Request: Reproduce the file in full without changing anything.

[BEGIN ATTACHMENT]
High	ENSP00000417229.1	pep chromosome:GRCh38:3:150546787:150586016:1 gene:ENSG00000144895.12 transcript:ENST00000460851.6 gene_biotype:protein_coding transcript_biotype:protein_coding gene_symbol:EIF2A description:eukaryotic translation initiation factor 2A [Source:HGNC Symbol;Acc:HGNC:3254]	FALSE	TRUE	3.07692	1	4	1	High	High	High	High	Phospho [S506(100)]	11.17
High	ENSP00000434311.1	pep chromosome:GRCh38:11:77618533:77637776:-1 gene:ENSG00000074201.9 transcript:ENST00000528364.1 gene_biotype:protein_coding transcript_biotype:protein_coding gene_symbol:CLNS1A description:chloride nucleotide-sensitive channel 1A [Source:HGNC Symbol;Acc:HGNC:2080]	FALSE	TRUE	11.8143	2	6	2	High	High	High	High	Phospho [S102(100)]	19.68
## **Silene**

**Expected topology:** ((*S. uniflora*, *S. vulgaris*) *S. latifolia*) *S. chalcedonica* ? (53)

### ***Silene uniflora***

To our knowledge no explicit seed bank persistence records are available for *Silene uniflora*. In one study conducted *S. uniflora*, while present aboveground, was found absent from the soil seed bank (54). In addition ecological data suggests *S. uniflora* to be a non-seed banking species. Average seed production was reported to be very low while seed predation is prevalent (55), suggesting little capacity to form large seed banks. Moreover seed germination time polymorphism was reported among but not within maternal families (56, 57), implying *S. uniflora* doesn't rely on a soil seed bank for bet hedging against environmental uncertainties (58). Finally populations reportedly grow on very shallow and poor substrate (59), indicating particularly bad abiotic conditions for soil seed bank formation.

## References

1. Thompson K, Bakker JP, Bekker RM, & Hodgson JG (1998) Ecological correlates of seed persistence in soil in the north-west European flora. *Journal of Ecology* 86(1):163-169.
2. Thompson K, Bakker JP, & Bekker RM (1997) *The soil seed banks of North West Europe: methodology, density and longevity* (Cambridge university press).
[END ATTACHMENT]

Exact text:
High	ENSP00000417229.1	pep chromosome:GRCh38:3:150546787:150586016:1 gene:ENSG00000144895.12 transcript:ENST00000460851.6 gene_biotype:protein_coding transcript_biotype:protein_coding gene_symbol:EIF2A description:eukaryotic translation initiation factor 2A [Source:HGNC Symbol;Acc:HGNC:3254]	FALSE	TRUE	3.07692	1	4	1	High	High	High	High	Phospho [S506(100)]	11.17
High	ENSP00000434311.1	pep chromosome:GRCh38:11:77618533:77637776:-1 gene:ENSG00000074201.9 transcript:ENST00000528364.1 gene_biotype:protein_coding transcript_biotype:protein_coding gene_symbol:CLNS1A description:chloride nucleotide-sensitive channel 1A [Source:HGNC Symbol;Acc:HGNC:2080]	FALSE	TRUE	11.8143	2	6	2	High	High	High	High	Phospho [S102(100)]	19.68
## **Silene**

**Expected topology:** ((*S. uniflora*, *S. vulgaris*) *S. latifolia*) *S. chalcedonica* ? (53)

### ***Silene uniflora***

To our knowledge no explicit seed bank persistence records are available for *Silene uniflora*. In one study conducted *S. uniflora*, while present aboveground, was found absent from the soil seed bank (54). In addition ecological data suggests *S. uniflora* to be a non-seed banking species. Average seed production was reported to be very low while seed predation is prevalent (55), suggesting little capacity to form large seed banks. Moreover seed germination time polymorphism was reported among but not within maternal families (56, 57), implying *S. uniflora* doesn't rely on a soil seed bank for bet hedging against environmental uncertainties (58). Finally populations reportedly grow on very shallow and poor substrate (59), indicating particularly bad abiotic conditions for soil seed bank formation.

## References

1. Thompson K, Bakker JP, Bekker RM, & Hodgson JG (1998) Ecological correlates of seed persistence in soil in the north-west European flora. *Journal of Ecology* 86(1):163-169.
2. Thompson K, Bakker JP, & Bekker RM (1997) *The soil seed banks of North West Europe: methodology, density and longevity* (Cambridge university press).